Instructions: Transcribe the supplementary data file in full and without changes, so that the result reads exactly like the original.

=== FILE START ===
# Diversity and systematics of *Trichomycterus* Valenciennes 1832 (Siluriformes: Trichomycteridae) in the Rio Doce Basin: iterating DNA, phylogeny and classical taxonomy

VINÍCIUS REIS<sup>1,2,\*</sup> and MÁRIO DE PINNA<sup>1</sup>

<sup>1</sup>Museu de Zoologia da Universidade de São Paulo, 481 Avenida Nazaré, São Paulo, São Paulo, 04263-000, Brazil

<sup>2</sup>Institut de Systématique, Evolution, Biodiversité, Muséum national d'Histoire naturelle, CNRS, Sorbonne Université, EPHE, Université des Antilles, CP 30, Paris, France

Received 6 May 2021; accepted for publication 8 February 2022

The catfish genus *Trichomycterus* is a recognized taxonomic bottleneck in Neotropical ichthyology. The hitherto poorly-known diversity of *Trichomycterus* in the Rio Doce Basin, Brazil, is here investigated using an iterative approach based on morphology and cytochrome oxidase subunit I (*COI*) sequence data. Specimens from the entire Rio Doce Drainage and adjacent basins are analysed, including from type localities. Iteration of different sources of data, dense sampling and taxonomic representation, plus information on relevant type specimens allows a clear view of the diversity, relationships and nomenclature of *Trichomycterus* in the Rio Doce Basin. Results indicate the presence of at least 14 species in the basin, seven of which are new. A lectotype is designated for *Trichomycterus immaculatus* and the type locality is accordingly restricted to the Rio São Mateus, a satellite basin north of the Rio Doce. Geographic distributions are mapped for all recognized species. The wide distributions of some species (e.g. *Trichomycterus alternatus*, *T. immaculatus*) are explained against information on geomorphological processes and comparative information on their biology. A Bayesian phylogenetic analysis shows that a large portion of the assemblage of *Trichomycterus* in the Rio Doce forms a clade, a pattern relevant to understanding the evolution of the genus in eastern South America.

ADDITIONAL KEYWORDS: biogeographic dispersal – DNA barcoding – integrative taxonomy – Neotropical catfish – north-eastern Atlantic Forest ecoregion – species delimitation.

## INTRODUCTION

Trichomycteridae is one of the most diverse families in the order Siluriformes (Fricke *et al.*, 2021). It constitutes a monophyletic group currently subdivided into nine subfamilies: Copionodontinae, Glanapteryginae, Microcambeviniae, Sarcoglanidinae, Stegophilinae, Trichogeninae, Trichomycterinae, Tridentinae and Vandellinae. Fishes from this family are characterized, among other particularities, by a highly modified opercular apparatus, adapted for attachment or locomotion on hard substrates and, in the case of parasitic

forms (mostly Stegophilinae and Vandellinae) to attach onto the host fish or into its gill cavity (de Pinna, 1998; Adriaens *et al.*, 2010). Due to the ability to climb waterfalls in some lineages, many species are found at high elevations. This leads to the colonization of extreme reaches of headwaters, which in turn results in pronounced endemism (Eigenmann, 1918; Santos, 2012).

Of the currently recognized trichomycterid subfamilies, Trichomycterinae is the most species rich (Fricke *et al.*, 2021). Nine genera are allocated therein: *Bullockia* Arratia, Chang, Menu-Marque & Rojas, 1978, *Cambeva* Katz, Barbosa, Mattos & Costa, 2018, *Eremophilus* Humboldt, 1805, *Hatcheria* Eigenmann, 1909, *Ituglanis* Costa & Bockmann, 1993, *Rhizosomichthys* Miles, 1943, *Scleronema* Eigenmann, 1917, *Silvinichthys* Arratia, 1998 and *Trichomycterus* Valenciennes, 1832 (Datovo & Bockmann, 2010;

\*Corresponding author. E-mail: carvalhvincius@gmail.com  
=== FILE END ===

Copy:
# Diversity and systematics of *Trichomycterus* Valenciennes 1832 (Siluriformes: Trichomycteridae) in the Rio Doce Basin: iterating DNA, phylogeny and classical taxonomy

VINÍCIUS REIS<sup>1,2,\*</sup> and MÁRIO DE PINNA<sup>1</sup>

<sup>1</sup>Museu de Zoologia da Universidade de São Paulo, 481 Avenida Nazaré, São Paulo, São Paulo, 04263-000, Brazil

<sup>2</sup>Institut de Systématique, Evolution, Biodiversité, Muséum national d'Histoire naturelle, CNRS, Sorbonne Université, EPHE, Université des Antilles, CP 30, Paris, France

Received 6 May 2021; accepted for publication 8 February 2022

The catfish genus *Trichomycterus* is a recognized taxonomic bottleneck in Neotropical ichthyology. The hitherto poorly-known diversity of *Trichomycterus* in the Rio Doce Basin, Brazil, is here investigated using an iterative approach based on morphology and cytochrome oxidase subunit I (*COI*) sequence data. Specimens from the entire Rio Doce Drainage and adjacent basins are analysed, including from type localities. Iteration of different sources of data, dense sampling and taxonomic representation, plus information on relevant type specimens allows a clear view of the diversity, relationships and nomenclature of *Trichomycterus* in the Rio Doce Basin. Results indicate the presence of at least 14 species in the basin, seven of which are new. A lectotype is designated for *Trichomycterus immaculatus* and the type locality is accordingly restricted to the Rio São Mateus, a satellite basin north of the Rio Doce. Geographic distributions are mapped for all recognized species. The wide distributions of some species (e.g. *Trichomycterus alternatus*, *T. immaculatus*) are explained against information on geomorphological processes and comparative information on their biology. A Bayesian phylogenetic analysis shows that a large portion of the assemblage of *Trichomycterus* in the Rio Doce forms a clade, a pattern relevant to understanding the evolution of the genus in eastern South America.

ADDITIONAL KEYWORDS: biogeographic dispersal – DNA barcoding – integrative taxonomy – Neotropical catfish – north-eastern Atlantic Forest ecoregion – species delimitation.

## INTRODUCTION

Trichomycteridae is one of the most diverse families in the order Siluriformes (Fricke *et al.*, 2021). It constitutes a monophyletic group currently subdivided into nine subfamilies: Copionodontinae, Glanapteryginae, Microcambeviniae, Sarcoglanidinae, Stegophilinae, Trichogeninae, Trichomycterinae, Tridentinae and Vandellinae. Fishes from this family are characterized, among other particularities, by a highly modified opercular apparatus, adapted for attachment or locomotion on hard substrates and, in the case of parasitic

forms (mostly Stegophilinae and Vandellinae) to attach onto the host fish or into its gill cavity (de Pinna, 1998; Adriaens *et al.*, 2010). Due to the ability to climb waterfalls in some lineages, many species are found at high elevations. This leads to the colonization of extreme reaches of headwaters, which in turn results in pronounced endemism (Eigenmann, 1918; Santos, 2012).

Of the currently recognized trichomycterid subfamilies, Trichomycterinae is the most species rich (Fricke *et al.*, 2021). Nine genera are allocated therein: *Bullockia* Arratia, Chang, Menu-Marque & Rojas, 1978, *Cambeva* Katz, Barbosa, Mattos & Costa, 2018, *Eremophilus* Humboldt, 1805, *Hatcheria* Eigenmann, 1909, *Ituglanis* Costa & Bockmann, 1993, *Rhizosomichthys* Miles, 1943, *Scleronema* Eigenmann, 1917, *Silvinichthys* Arratia, 1998 and *Trichomycterus* Valenciennes, 1832 (Datovo & Bockmann, 2010;

\*Corresponding author. E-mail: carvalhvincius@gmail.com  